Driving to California and chopping wood, however, reasonably could be interpreted as inconsistent with plaintiff's testimony regarding his functional limitations in 2009. For this reason, these activities can be used under the second basis identified in Orn, 495 F.3d 625, to reject a claimant's credibility. See also Allen, 749 F.2d at 579 (holding the Court may not reverse a credibility determination where that determination is based on contradictory or ambiguous evidence). This is particularly true, when considered in light of comments made by plaintiff's treating doctor in 2009. Plaintiff's doctor noted: "Physical labor does exacerbate his abdominal pain. Given this most likely he will not be able to return to his previous physical job. However, he should be able to do sedentary work. Patient is advised to discuss this with Social Security." AR 289. A few months later, plaintiff's doctor address this issue again: "Also, it was discussed that [plaintiff] needs to take more proactive role in controlling his pain, including avoiding obvious activities which clearly brings on his pain, like chopping woods and other significantly exertional activities. It was also discussed that I cannot agree that his is chronically medically disabled, when his is performing that type of physical exertion at home, but not able to perform regular sedentary work." AR 287.

Although this rationale may be sufficient to reject plaintiff's testimony regarding his limitations in 2009, it is not sufficient to reject plaintiff's testimony for the entire relevant period in his claim. The ALJ points to no activities that would contradict plaintiff's testimony for the remainder of the relevant period. Rather, it appears from the record that plaintiff followed his doctor's 2009 advice and began taking a more proactive role in controlling his pain by avoiding exacerbating activities. For this reason, this rationale does not constitute substantial evidence to reject plaintiff's symptom complaints during the entire relevant period. For this reason, this basis, although legitimate, is insufficient to constitute substantial evidence to affirm the ALJ's credibility finding. See Carmickle v. Comm'r Soc. Sec. Admin, 533 F.3d 1155, 1162-63 (9th Cir. 2008) (holding that when an ALJ errs in relying on one of several reason in support of an adverse credibility determination, the error is harmless when ALJ's remaining reasoning and ultimate credibility determination are adequately supported by substantial evidence in the record).

C. Other bases to reject plaintiff's credibility

The other bases used by the ALJ to discount plaintiff's credibility have to do with plaintiff's compliance with treatment and plaintiff's statements regarding prior drug and alcohol use. AR 31.

The ALJ reasoned that plaintiff's disinterest in controlling his symptoms was evidence of plaintiff's lack of credibility. AR 31. Failure to assert a good reason for not seeking, or following a prescribed course of, treatment, or a finding that a proffered reason is not believable, "can cast doubt on the sincerity of the claimant's pain testimony." Fair v. Bowen, 885 F.2d 597, 603 (9th Cir. 1989). A claimant's statements, therefore, "may be less credible if the level or frequency of treatment is inconsistent with the level of complaints, or the medical reports or records show that the individual is not following the treatment as prescribed or there are no good reasons for their failure." SSR 96-7p, 1996 WL 374186 *7. On the other hand, the ALJ "must not draw any inferences" about a claimant's symptoms and their functional effects from such a failure, "without first considering any explanations" that the claimant "may provide, or other information in the case record, that may explain" that failure. Id.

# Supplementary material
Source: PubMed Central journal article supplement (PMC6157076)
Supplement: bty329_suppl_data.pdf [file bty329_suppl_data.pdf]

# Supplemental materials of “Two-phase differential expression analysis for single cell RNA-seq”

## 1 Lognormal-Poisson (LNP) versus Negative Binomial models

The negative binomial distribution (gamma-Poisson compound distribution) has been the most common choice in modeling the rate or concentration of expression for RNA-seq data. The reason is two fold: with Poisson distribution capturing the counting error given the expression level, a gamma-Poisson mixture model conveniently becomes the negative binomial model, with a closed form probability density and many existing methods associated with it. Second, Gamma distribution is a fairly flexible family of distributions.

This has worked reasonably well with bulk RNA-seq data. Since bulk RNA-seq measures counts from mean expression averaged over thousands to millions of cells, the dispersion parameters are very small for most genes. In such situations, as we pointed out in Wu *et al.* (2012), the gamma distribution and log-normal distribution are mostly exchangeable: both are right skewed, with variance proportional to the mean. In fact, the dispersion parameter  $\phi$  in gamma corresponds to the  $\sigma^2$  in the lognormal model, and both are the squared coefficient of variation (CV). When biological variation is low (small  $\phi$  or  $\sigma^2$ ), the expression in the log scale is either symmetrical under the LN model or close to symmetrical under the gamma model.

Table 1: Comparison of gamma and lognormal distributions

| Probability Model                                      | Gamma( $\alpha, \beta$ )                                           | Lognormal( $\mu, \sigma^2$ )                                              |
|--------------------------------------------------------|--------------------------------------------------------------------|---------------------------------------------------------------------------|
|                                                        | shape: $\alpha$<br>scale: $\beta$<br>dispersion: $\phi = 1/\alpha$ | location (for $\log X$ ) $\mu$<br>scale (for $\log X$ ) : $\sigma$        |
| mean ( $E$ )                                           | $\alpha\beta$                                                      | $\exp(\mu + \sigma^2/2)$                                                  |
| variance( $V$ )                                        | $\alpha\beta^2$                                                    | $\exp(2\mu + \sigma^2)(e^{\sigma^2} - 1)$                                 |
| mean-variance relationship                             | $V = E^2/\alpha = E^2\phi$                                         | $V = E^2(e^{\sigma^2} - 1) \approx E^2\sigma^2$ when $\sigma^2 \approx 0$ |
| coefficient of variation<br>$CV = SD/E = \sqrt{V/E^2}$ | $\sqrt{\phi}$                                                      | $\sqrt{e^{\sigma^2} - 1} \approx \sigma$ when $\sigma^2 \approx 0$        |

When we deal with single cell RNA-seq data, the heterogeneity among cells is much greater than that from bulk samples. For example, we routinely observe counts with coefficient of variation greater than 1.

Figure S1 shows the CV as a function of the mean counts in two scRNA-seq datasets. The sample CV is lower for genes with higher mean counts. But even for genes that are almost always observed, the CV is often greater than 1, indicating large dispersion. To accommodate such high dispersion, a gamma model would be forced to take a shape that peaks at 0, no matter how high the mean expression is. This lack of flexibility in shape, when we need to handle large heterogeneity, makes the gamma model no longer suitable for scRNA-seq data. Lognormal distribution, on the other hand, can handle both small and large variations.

To demonstrate plaintiff's disinterest in controlling his symptoms, the ALJ observed that plaintiff stopped taking his medications for a brief period in 2011. AR 31 (citing AR 650). The record supports that plaintiff resumed taking his medications shortly after stopping them. See AR 687-88, 727-32. In using plaintiff's failure to take his medications as prescribed to reject plaintiff's testimony, the ALJ failed, however, to consider testimony and other information in the case record that may have explained plaintiff's behavior. See SSR 96-7p, 1996 WL 374186 *7. Plaintiff's abrupt stop in medication was one of the events that precipitated plaintiff's inpatient psychiatric stay in September 2011. See generally AR 620-87, 732. On intake at the psychiatric facility, plaintiff explained that he was unable to fill his medications and decided to stop taking them. AR 650. Other information in the case record also sheds light on plaintiff's failure to take his medications during this brief period. For example, prior to his inpatient psychiatric stay, plaintiff had been talking with his doctor about stopping his narcotic medications. AR 727. Other information in the record demonstrates plaintiff was concerned about his ongoing use of narcotic medication and wanted to try other methods of pain relief. AR 49, 456, 544. Shortly after his inpatient psychiatric stay, plaintiff began tapering his narcotic medication and tranquilizer with the assistance of his doctor. See 730, 732.